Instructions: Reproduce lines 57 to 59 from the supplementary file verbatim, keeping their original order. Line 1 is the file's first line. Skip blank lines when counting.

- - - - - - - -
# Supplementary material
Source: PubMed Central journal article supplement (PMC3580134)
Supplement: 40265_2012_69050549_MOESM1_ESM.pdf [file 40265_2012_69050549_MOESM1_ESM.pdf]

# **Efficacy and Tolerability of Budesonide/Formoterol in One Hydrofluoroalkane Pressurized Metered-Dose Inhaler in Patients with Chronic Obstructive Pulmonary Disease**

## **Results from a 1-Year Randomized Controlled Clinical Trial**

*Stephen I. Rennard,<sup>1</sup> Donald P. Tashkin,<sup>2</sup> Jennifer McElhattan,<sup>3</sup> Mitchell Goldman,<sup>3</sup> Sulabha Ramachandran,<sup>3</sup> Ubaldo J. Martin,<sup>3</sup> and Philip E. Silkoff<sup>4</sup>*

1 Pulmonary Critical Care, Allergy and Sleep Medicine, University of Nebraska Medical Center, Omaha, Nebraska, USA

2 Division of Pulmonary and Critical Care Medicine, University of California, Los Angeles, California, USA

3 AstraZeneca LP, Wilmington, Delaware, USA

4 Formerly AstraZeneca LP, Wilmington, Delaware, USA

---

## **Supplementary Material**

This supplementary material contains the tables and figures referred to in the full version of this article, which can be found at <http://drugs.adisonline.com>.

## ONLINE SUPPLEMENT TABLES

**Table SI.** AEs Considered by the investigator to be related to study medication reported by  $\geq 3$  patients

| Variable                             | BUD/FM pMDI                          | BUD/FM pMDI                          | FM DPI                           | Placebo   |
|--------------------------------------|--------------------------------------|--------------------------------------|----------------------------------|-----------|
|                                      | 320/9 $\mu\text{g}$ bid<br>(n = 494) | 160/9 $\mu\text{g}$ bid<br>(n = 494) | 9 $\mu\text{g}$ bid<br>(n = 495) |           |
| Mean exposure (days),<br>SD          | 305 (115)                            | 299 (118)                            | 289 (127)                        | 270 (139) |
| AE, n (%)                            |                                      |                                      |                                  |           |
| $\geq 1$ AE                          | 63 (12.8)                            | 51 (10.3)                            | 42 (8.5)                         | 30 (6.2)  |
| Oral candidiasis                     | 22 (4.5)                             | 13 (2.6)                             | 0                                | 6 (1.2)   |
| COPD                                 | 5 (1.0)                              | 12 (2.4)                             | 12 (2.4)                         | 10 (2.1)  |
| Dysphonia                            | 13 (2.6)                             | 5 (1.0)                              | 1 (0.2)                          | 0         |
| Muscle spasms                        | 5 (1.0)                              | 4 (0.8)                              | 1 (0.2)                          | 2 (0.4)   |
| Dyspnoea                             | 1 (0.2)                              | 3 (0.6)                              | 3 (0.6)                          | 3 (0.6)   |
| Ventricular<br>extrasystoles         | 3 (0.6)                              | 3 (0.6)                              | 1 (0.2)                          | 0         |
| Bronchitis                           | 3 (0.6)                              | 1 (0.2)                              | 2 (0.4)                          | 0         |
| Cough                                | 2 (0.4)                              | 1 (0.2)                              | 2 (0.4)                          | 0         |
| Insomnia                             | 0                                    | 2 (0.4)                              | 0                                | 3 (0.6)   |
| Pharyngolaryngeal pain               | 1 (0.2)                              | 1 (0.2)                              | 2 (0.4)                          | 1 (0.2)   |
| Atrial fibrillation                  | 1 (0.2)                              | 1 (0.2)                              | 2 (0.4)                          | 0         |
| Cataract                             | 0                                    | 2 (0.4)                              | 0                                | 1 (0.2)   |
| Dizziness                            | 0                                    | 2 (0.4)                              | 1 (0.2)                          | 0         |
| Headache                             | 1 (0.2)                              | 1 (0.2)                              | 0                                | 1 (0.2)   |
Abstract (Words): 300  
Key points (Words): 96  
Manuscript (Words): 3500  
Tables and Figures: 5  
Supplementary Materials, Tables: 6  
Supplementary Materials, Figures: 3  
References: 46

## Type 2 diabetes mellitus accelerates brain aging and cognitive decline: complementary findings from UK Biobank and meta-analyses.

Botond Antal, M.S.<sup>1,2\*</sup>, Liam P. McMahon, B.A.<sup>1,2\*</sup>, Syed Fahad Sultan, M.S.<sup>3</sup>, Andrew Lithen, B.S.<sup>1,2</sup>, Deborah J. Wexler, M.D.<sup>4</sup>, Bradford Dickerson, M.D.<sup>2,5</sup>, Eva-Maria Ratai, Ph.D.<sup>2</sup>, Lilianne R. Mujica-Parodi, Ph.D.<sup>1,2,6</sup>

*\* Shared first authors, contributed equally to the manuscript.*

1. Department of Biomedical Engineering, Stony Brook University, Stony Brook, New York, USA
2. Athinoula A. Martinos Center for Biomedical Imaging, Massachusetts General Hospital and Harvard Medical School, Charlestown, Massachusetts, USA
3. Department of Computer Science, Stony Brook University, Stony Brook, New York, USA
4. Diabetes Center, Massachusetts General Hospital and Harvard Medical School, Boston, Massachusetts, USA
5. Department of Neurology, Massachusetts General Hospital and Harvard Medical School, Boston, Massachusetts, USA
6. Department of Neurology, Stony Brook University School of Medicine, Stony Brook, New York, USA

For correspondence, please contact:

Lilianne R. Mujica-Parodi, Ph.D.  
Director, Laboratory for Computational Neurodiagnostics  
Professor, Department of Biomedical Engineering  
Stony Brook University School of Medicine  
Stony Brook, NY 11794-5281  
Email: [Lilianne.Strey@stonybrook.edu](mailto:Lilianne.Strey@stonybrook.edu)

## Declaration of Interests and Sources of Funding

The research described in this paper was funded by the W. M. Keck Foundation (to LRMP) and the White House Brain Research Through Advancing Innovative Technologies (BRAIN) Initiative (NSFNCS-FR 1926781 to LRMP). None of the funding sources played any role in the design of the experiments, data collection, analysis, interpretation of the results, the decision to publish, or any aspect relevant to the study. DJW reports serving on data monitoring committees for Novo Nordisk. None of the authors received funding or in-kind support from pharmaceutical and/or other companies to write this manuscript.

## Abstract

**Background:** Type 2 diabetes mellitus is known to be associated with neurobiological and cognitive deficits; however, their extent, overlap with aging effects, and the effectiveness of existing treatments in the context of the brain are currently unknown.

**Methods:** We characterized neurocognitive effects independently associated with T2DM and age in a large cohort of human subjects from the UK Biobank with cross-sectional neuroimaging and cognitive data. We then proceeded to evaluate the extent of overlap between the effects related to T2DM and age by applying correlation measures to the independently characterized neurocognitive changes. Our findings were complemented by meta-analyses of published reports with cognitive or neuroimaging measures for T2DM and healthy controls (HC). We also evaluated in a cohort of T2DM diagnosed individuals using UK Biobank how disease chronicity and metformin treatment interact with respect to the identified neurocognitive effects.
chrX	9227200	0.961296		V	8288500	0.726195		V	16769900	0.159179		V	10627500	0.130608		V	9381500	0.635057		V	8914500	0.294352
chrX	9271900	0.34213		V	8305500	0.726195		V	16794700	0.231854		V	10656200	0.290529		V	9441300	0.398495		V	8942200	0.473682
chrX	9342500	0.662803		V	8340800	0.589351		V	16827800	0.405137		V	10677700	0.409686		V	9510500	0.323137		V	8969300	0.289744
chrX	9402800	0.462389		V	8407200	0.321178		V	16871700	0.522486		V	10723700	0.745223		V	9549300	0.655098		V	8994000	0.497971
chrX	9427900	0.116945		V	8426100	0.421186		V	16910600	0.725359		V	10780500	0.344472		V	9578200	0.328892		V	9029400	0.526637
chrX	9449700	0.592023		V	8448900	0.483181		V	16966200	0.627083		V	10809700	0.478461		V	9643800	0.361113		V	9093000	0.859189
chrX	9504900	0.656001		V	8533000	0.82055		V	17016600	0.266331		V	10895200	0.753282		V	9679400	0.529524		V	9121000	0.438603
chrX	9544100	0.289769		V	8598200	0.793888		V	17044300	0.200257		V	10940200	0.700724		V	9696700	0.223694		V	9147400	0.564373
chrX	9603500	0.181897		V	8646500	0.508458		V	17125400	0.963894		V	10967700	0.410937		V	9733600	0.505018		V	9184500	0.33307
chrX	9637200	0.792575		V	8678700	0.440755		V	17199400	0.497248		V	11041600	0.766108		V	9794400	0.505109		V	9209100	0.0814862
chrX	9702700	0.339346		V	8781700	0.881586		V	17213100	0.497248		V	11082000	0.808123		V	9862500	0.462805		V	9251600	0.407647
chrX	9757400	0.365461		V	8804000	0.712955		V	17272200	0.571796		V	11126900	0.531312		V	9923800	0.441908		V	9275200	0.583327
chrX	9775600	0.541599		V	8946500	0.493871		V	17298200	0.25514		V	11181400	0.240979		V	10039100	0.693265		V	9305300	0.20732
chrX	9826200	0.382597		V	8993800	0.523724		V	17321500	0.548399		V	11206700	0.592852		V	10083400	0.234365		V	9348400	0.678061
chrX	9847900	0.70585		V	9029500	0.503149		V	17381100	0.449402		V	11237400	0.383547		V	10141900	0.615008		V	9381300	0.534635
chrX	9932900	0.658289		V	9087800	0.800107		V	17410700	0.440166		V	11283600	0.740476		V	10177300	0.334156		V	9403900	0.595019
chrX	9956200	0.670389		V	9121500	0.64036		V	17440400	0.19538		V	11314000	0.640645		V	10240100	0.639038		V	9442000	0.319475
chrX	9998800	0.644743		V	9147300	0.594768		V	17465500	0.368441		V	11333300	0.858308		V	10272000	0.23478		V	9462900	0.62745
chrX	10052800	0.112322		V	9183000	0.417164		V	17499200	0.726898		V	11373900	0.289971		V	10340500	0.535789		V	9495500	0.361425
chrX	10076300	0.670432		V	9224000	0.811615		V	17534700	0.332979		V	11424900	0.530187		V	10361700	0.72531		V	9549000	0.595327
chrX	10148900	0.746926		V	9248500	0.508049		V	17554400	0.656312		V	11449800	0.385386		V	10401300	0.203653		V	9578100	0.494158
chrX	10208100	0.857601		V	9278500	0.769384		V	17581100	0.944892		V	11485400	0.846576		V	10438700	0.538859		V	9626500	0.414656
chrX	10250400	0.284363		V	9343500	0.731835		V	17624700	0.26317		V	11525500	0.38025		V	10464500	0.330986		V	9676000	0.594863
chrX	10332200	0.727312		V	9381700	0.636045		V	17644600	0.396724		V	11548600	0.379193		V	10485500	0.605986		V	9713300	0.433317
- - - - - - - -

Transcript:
Stony Brook, NY 11794-5281  
Email: [Lilianne.Strey@stonybrook.edu](mailto:Lilianne.Strey@stonybrook.edu)

## Declaration of Interests and Sources of Funding